Forget for a moment who the author has become. This is not a book written by a politician or a would-be president. It's a book that was written by someone who subsequently became those things. For that reason, it's a very honest account of an American coming to terms with who he is and where he's from. As a bonus, Obama happens to be an excellent writer. He has a good sense of how to fashion an interesting narrative, so his personal story is very engaging.
As a normal part of becoming an adult, a boy at some point begins to look critically at, and compare himself to, his father. And if that father was physically or emotionally absent, it may be even more true and a more important rite of passage. Obama's account of his own search for his missing father is compelling and it is one that many men can relate to. And for that reason it is also a book that should be read by women who want to understand men.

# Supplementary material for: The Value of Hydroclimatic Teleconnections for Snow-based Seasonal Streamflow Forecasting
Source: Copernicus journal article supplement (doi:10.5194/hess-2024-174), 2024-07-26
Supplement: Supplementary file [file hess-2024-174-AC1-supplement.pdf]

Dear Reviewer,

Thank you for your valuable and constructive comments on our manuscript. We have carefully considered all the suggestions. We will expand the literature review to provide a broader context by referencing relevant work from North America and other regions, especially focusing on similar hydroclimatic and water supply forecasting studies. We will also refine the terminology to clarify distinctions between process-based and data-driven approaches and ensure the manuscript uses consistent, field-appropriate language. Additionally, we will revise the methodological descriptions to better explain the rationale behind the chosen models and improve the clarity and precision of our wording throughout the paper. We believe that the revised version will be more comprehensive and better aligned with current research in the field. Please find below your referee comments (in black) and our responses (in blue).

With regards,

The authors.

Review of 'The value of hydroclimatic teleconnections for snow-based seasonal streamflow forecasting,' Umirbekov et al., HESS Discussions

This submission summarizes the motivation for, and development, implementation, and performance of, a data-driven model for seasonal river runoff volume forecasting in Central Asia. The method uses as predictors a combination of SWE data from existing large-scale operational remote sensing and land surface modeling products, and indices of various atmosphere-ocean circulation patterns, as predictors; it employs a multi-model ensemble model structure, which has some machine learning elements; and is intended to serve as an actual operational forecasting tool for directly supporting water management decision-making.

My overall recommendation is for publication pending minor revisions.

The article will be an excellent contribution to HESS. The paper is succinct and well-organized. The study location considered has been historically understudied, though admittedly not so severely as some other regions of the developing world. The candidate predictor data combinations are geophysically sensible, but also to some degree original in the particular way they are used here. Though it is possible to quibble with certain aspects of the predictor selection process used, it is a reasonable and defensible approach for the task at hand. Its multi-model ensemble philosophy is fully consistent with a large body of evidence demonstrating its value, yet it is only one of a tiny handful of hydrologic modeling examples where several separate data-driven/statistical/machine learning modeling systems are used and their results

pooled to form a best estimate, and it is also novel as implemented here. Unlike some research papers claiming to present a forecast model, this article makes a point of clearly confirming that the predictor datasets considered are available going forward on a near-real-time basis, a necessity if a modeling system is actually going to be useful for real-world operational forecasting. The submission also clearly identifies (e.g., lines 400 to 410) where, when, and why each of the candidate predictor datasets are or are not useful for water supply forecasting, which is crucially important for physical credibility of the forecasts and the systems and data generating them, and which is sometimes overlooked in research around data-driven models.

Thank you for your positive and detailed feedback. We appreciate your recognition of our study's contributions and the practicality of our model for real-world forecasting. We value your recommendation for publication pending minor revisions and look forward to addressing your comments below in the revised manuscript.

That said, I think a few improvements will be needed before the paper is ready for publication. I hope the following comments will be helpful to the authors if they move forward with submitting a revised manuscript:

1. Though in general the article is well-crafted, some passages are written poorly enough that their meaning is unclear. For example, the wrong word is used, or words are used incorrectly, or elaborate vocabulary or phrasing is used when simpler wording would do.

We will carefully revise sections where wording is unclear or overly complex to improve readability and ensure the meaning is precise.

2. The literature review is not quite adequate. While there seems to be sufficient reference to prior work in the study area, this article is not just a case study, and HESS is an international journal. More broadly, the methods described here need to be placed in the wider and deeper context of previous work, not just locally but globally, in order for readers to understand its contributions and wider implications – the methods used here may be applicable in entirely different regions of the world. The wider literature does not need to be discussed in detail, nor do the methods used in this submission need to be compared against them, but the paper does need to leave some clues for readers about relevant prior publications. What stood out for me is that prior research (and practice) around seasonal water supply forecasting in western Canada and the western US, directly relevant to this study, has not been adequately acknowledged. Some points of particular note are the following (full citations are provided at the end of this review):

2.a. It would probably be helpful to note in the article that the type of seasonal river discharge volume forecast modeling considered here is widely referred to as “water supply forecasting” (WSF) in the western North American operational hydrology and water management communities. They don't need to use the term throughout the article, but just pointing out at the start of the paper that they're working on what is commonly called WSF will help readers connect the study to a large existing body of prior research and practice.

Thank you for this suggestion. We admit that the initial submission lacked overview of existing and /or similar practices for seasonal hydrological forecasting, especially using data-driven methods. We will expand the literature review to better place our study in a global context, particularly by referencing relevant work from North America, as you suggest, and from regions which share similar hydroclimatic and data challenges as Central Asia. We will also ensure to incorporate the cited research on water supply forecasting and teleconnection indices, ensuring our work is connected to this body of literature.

Beyond issues of men and their fathers, Obama also relates his struggle for identity as a black man in a white family in the 1970s, as a boy being raised by his single mother and grandparents, as a teenager making decisions about drugs, and a host of other issues.
In short, this is a great 'book-club book' because there are so many broad themes that can be catalysts for discussion.
Whether or not you're a fan of this president's politics, challenge yourself to look beyond that and discover the richness in this important memoir.